Nagasaki prefecture has a history with Christianity that dates back to the 1500s. Today, it is one of the few places where Christianity is still relevant to the Japanese people. While things started out peaceful, once the missionaries were no longer welcome it ended with bloodshed. The Monument and Museum for the 26 Martyrs commemorate the terrible events that happened here in the Edo Period.
Christian Missionaries in Japan
Around 1549, Christian missionaries started arriving from Europe. They usually came from countries such as Spain and Portugal. Their objective was to spread the word of the church. In the beginning, the government of Japan welcomed them. It was thought that they were going to help to take away power from Buddhist clans that controlled large sectors of the country. All this suddenly changed when the San Felipe Incident occurred, during which a Spanish ship was shipwrecked on Shikoku island. This ship was on the way from Manila, the Philippines to Acapulco, Mexico.
The feudal lord of the land where the ship was wrecked seized the cargo and held the crew captive. The problem was so great that it reached the ears of daimyo Toyomi Hideyoshi himself, who was the Military Chief of Japan at the time. The Spanish captain confessed the true plans of Europe. It was said that if any non-Christian land was found the church had the responsibility of converting the residents. Later, the government of a European country would conquer the land, as had already happened in America and in the Philippines.
What happened when this information, which was kept secret for a long time, was discovered? The government of Japan strictly prohibited Christianity throughout the country and the main 26 Christian missionaries were captured. These were 4 Spaniards, a Mexican, a Portuguese, and 20 Japanese converted members. The damned walked from Kyoto to Nagasaki and were executed in the same way as Jesus Christ. To set a strong example to those who still had the Christian faith, the 26 were crucified and thrown in front of the crowd.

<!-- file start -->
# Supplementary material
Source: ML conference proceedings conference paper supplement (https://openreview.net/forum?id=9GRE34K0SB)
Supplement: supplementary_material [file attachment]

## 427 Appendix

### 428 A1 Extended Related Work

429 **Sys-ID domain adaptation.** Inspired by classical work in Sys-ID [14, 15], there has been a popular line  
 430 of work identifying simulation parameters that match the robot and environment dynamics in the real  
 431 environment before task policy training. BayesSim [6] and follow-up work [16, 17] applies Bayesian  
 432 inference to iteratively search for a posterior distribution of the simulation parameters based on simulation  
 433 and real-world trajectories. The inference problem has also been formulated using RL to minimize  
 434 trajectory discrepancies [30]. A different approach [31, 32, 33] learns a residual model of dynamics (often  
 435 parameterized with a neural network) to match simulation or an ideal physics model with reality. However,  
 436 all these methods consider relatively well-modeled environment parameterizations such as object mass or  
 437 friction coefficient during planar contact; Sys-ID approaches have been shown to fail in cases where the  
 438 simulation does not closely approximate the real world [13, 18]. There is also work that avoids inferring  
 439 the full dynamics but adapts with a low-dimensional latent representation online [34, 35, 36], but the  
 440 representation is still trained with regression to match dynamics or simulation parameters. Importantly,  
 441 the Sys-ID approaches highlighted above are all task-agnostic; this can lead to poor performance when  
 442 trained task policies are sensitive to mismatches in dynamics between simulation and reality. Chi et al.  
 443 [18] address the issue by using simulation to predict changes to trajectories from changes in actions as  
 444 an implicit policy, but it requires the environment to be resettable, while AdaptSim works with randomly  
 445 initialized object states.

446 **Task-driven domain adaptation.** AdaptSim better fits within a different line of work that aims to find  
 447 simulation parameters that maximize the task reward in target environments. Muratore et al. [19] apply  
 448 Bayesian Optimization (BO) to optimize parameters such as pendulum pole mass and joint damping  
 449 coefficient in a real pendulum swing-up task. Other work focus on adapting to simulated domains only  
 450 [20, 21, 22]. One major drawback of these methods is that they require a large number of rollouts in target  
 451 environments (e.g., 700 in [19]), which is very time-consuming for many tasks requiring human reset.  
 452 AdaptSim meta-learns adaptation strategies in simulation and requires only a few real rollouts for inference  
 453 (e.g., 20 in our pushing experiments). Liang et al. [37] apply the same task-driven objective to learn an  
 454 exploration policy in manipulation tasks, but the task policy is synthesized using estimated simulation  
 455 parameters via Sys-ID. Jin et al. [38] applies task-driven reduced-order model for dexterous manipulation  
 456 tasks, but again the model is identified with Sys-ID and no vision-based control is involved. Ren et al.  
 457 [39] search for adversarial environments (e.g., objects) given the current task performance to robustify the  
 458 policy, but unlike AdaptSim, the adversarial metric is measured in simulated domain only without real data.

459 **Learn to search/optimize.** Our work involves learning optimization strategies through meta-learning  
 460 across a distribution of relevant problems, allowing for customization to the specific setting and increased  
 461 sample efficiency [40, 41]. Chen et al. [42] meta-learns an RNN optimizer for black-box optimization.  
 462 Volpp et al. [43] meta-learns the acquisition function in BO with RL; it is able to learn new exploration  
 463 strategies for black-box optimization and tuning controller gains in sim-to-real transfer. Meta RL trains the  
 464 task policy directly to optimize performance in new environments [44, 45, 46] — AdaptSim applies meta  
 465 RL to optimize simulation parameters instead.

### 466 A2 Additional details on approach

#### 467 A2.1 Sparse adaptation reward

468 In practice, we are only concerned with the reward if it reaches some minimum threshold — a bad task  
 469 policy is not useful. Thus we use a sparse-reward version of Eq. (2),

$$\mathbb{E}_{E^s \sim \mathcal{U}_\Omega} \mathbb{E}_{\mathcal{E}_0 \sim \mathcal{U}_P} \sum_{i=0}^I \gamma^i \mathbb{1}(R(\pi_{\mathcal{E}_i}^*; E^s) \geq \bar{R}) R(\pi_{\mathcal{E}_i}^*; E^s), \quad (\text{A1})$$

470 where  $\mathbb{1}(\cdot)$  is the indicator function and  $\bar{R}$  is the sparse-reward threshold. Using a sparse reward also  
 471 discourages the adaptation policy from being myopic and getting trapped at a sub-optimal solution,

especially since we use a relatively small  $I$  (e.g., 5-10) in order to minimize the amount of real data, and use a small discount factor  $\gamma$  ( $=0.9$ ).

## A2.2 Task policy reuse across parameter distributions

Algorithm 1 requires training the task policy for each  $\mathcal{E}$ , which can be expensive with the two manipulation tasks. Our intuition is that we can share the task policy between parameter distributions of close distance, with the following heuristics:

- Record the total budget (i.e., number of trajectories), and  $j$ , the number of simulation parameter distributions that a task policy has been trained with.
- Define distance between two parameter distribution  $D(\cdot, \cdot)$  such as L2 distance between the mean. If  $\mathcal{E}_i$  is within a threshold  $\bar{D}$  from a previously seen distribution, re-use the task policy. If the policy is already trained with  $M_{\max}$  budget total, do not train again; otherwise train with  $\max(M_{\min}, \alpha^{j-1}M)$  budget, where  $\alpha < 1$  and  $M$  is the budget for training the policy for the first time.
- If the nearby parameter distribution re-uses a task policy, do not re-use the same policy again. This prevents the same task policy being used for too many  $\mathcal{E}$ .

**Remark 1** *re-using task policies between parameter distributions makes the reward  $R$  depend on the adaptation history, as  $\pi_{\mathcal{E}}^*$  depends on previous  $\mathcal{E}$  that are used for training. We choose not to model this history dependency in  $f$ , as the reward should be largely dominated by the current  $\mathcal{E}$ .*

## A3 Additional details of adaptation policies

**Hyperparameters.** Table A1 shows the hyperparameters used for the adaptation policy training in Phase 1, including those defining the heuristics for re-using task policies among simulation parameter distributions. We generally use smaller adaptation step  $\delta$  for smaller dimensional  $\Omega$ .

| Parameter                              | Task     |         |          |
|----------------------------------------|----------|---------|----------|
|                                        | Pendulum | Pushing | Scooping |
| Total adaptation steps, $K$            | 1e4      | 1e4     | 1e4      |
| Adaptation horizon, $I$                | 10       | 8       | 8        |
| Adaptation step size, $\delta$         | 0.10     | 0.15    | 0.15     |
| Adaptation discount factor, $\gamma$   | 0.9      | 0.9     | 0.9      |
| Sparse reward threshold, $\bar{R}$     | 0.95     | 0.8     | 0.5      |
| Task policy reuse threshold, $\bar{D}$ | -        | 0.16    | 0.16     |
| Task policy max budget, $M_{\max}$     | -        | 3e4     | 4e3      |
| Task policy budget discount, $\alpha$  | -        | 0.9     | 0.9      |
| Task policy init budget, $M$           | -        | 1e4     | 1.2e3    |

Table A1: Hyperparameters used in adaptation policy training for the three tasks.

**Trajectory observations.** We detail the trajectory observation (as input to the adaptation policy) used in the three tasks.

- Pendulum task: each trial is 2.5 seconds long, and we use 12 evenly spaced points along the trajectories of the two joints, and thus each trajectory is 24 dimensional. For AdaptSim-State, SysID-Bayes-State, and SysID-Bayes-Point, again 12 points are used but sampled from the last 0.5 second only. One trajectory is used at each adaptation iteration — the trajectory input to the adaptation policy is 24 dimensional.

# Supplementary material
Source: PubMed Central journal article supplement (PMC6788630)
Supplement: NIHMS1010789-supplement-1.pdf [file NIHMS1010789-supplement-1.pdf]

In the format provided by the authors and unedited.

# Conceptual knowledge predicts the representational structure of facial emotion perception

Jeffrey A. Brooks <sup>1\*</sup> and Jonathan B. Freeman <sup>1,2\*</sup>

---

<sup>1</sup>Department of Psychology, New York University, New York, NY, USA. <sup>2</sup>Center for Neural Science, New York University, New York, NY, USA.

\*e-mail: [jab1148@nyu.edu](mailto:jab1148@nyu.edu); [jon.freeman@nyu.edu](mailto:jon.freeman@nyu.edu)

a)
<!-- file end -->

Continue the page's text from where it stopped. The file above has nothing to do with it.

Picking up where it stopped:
Christianity was seen as a form of conquest and was banned until 1868, the beginning of the Meiji era. Before that, from 1629, every year Nagasaki residents were ordered to step on an image of Jesus and the Virgin Mary to prove that they were not of the Christian faith, and those who refused were executed on the spot.
26 Martyrs Monument and Museum
In the year 1629, the 26 that were crucified were beatified, and later in the year 1862, they were canonized by the Catholic Church. One hundred years after the canonization of the 26 martyrs, the city of Nagasaki inaugurated the monument in honor of the martyrs in the same place where they were executed. It is made of bronze, and it is formed like a great wall that frames a great cross in which the images of the 26 martyrs stand out. Its meaning is “Singing martyrs rise from the cross to heaven.”
When the country opened in the Meiji era, the missionaries returned to Nagasaki where they were surprised to discover that despite so many years, some families had kept their Christian faith hidden for many years. The monument is impressive, and visiting this monument while reflecting on the history of Christianity in Japan is one of the reasons tourists come to Nagasaki.
At the same time, Twenty Six Martyrs Museum was constructed. These are the aims of the museum:
- To propagate the virtue of the Martyrs and their messages.
- To present the history of Christianity in Japan from Francis Xavier’s arrival in Japan until the Meiji Era, and give the Christian’s vision of the events.
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From Nagasaki Station
Entrance fee (museum)
Adult 500 yen, High school and junior high school student 300 yen, elementary student 150 yen
From 9 am to 5 pm